Yesterday morning, my first yoga class in six months was about testing the new limits and capabilities of my shoulder, whose impingement has kept me on the bench for months. Upon learning of my injury, Jessica, who teaches Pilates, quipped that shoulder impingement is a common ailment faced by her middle-aged female clients. Who’s middle-aged? I thought, frowning until I realized that I was deepening my creases.
A year ago, if I hadn’t been able to keep up with the class, I would have been frustrated; yesterday, it felt so good to practice, to reach 95%, that I left elated. Who cares if I couldn’t do three-legged dog? My strength has waned, though I’ve kept up as much as I could with physical therapy. Surely, with time I’ll see improvement… unless this is like a sunny moment in fall when we delude ourselves into thinking that a chance of summer remains.
Still, I appreciate coming to my practice without expectation or self-castigation. Looking around the 9 am class, which is mostly filled with practitioners in their 50s and 60s, I understand why they come even if many struggle to touch their toes or curl into backbends. Finding joy in what is accessible and expanding into that is something that takes years to learn, one of the rewards of mid-life.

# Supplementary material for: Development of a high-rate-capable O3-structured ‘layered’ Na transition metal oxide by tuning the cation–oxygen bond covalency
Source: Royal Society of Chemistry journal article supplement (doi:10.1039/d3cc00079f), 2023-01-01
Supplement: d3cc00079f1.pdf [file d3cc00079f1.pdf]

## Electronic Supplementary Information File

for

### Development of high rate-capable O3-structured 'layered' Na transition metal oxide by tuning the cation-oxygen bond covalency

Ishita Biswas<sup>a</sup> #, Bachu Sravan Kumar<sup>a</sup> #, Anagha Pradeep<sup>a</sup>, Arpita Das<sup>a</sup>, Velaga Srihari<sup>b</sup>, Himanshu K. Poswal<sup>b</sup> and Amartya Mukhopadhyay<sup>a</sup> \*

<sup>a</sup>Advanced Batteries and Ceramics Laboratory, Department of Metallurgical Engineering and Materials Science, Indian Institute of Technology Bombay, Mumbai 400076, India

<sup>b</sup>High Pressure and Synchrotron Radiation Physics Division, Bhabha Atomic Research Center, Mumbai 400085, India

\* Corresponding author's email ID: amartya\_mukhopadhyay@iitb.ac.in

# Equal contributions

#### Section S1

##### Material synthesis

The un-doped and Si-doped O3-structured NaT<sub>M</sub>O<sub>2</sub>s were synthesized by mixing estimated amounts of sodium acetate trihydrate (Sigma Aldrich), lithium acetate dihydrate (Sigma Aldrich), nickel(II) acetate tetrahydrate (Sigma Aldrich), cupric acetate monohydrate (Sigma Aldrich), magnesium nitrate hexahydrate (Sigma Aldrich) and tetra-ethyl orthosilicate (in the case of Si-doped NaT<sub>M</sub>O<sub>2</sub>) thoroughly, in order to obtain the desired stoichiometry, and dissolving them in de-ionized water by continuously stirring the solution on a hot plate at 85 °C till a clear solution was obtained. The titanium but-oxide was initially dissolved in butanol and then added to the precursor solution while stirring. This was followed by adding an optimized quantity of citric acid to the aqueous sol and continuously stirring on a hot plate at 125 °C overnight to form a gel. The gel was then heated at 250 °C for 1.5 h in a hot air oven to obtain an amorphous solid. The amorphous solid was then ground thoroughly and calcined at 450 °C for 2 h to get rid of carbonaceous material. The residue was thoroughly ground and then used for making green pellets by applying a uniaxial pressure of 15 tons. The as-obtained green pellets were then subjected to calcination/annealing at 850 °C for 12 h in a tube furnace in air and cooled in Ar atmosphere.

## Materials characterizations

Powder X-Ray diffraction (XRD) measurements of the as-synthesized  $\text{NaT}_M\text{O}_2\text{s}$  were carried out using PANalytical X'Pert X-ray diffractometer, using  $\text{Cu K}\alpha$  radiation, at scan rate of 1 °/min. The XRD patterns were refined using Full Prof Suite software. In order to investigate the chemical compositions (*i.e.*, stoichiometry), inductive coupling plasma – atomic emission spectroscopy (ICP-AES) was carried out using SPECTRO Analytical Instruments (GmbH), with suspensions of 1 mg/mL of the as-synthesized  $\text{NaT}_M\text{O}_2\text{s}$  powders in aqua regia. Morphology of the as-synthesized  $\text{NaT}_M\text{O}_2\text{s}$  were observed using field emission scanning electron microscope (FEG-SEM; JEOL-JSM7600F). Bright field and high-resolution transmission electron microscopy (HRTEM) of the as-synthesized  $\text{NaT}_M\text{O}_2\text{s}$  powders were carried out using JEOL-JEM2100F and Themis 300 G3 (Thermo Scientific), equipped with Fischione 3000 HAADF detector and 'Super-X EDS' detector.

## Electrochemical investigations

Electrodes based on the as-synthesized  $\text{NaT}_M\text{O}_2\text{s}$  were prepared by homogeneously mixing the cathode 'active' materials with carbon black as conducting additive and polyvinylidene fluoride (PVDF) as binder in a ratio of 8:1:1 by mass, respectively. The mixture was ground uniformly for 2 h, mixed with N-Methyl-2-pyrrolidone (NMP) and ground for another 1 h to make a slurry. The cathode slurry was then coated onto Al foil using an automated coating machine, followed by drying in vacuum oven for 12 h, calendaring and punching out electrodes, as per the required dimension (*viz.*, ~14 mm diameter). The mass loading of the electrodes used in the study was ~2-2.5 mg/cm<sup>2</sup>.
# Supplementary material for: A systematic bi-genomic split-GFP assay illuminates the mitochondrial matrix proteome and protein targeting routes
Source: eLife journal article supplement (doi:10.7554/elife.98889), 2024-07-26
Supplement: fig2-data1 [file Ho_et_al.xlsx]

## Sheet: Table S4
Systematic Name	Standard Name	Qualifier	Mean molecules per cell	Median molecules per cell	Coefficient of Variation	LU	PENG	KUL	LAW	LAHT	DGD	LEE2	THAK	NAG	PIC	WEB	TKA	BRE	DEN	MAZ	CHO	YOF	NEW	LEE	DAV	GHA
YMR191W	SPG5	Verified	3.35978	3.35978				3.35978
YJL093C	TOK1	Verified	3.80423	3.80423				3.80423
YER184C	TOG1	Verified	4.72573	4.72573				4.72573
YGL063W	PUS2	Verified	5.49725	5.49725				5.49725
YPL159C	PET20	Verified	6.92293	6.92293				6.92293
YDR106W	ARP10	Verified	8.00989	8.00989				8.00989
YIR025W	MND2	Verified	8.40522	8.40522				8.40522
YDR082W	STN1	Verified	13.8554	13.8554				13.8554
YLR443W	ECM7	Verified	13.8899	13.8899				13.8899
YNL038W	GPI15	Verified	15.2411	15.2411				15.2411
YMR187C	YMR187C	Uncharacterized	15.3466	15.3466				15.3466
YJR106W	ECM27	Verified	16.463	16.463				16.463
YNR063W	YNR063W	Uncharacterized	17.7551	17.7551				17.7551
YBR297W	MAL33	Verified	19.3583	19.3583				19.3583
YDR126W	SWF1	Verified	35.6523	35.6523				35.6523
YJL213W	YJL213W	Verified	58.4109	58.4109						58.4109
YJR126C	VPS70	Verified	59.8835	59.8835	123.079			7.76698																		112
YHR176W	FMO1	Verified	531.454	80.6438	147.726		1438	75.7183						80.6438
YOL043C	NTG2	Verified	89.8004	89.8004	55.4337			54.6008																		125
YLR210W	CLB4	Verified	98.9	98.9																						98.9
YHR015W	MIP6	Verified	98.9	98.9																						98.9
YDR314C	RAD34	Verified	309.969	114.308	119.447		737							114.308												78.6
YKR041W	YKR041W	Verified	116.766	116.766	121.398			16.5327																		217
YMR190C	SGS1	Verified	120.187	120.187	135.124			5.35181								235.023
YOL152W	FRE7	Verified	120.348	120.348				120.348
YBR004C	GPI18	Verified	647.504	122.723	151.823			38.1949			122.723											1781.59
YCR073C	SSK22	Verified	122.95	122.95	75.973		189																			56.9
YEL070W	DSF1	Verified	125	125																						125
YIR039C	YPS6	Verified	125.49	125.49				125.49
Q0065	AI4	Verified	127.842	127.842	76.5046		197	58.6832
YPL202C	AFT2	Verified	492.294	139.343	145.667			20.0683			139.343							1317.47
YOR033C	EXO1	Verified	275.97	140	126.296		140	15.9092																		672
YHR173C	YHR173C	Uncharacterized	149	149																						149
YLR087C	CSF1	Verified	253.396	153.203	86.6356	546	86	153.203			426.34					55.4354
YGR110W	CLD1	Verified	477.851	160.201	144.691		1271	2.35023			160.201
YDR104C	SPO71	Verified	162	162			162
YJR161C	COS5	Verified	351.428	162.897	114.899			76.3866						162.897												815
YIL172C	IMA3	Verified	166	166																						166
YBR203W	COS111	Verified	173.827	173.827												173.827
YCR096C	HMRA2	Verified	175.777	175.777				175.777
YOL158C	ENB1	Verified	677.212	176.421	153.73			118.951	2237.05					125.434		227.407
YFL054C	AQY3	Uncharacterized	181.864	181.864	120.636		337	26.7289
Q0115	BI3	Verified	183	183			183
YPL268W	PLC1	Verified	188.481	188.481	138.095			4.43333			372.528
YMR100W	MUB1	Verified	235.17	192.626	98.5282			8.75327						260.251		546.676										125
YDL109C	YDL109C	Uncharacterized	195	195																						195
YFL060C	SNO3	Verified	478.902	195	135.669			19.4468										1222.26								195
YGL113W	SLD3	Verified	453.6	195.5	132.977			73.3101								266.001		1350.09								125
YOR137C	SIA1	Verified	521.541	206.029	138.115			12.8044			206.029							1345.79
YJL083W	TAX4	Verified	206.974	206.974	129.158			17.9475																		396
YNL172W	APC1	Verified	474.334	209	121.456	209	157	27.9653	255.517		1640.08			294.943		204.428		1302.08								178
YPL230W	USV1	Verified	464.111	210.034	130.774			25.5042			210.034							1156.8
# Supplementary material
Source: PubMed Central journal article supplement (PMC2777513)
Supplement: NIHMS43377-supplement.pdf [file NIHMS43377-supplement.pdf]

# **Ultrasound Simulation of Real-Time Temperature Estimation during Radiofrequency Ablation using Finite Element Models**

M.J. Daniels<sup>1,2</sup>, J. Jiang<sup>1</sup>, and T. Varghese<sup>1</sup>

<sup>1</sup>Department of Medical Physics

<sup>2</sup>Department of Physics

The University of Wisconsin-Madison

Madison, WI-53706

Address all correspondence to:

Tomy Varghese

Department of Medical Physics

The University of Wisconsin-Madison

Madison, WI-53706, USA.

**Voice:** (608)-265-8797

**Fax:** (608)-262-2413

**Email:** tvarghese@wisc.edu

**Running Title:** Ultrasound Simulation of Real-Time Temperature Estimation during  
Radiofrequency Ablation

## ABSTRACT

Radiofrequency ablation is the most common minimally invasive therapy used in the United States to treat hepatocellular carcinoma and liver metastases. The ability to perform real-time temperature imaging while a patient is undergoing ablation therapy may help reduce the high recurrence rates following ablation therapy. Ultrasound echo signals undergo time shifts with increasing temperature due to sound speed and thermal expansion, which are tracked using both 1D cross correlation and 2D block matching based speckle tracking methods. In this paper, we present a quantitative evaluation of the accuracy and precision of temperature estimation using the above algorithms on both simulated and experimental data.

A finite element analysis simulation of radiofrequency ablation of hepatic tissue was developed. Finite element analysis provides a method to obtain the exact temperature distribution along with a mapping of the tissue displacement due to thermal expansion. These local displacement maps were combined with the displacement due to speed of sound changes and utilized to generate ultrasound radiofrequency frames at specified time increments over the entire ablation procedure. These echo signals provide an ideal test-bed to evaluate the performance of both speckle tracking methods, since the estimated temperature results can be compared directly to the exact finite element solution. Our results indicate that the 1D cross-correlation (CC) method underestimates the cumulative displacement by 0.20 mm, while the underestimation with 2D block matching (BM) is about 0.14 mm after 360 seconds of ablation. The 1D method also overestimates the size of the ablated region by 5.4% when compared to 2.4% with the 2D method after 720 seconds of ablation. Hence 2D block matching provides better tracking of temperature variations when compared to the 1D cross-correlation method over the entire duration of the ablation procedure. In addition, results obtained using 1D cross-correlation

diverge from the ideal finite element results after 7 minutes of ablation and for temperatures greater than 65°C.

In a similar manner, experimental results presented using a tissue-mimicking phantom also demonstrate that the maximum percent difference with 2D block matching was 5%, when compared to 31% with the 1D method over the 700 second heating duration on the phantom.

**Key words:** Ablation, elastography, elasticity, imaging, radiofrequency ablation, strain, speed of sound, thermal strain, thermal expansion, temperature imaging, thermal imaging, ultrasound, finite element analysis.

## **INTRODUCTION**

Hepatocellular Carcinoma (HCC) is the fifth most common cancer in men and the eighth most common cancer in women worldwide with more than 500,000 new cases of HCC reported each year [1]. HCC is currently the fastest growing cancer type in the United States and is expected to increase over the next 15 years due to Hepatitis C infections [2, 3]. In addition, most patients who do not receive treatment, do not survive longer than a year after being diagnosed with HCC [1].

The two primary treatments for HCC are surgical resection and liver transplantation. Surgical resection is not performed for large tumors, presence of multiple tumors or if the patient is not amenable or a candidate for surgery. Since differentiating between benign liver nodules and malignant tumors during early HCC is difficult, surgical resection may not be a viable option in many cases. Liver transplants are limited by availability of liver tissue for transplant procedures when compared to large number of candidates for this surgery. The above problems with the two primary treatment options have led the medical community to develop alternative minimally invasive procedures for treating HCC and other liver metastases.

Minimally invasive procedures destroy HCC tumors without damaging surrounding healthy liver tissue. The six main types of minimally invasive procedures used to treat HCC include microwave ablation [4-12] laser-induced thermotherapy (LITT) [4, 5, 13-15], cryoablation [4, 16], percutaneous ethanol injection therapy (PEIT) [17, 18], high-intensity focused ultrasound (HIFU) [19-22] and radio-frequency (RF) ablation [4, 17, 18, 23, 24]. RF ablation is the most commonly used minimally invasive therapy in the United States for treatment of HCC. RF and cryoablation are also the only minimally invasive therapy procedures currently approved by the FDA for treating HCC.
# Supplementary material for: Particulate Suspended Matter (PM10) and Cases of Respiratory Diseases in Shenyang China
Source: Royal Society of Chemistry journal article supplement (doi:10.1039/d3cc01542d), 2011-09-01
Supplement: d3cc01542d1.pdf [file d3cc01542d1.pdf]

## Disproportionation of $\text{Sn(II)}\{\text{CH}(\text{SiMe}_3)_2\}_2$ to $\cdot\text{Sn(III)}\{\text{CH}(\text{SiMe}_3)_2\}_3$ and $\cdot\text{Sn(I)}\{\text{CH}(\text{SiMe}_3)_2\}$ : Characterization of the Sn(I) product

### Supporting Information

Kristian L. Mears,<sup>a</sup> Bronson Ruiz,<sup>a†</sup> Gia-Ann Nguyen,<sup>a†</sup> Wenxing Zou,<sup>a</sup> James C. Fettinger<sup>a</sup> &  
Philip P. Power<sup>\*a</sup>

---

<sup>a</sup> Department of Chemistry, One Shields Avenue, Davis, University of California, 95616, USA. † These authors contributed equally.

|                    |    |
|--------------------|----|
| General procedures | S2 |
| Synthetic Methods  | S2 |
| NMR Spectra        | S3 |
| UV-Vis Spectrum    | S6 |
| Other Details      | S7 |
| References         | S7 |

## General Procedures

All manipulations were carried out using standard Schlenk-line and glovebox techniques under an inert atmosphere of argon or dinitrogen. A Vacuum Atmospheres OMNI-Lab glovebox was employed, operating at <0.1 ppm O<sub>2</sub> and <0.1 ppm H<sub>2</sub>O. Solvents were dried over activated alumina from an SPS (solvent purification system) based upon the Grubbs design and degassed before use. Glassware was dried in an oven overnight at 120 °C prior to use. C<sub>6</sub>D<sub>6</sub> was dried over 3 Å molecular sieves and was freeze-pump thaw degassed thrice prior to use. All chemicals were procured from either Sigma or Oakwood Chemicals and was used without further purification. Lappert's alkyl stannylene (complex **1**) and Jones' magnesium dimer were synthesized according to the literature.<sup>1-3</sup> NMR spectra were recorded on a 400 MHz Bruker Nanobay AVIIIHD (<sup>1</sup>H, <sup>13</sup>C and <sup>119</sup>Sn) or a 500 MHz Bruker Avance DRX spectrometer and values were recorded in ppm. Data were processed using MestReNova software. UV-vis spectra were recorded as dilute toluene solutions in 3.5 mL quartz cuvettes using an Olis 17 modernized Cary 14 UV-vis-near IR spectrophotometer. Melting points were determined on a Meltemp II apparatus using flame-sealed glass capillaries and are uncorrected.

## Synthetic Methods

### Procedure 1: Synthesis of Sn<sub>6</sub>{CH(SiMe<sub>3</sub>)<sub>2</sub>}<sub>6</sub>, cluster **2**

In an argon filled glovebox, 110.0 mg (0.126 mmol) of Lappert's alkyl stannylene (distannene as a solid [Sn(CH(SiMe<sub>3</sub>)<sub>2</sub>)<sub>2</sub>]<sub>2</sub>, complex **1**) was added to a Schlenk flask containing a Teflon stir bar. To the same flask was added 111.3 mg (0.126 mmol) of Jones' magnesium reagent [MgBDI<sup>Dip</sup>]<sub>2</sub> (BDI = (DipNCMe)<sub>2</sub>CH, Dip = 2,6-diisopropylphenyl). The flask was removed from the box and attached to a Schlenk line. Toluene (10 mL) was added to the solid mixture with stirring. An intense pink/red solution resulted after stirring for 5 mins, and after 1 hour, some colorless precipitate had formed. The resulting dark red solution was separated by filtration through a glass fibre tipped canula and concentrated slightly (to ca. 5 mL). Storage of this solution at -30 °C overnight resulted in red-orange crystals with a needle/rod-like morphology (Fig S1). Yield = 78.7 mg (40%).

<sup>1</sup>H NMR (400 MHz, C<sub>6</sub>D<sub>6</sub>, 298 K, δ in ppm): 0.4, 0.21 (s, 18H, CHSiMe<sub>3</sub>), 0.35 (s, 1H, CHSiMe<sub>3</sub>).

While it’s easy to embrace certain changes, like resisting the temptation to get upset over little things –who has the energy?– there is a darker side to this. In order to advance, we have to give up what we had, which is to say, release the identity of the young acolytes we once were. That involves letting go of the self-image that we might still be clinging to unwittingly, as much as making room for the budding youngsters in line behind us. A few ladies I know, myself included, struggle with our descendants whose energies manifest as uppity and vaguely threatening in their powerful ignorance.
We’re accustomed to being the barrier-breakers, to receiving affirmation for our brains and spunk; understandably, we don’t want to lose the sense of being prodigies, but that’s not who we are anymore. We don’t need to be who we were to be special. Part of this mid-life shift is about realizing that we have arrived at the base camp we’ve been climbing towards for the past twenty years, even if it looks different than we had imagined, as it often does.
Reaching it means that it’s time to set our eyes further up the mountain, but we’re sometimes loathe to go, especially if we didn’t reach our intended destination. Instead, we try to push the younglings out of the tent and into the cold so that we can stay longer and somehow cure the situation. We find it hard to share the precious warmth and light, even if we ourselves had generous guides along the way who made sure that we, as their apprentices, were able to advance in their footsteps.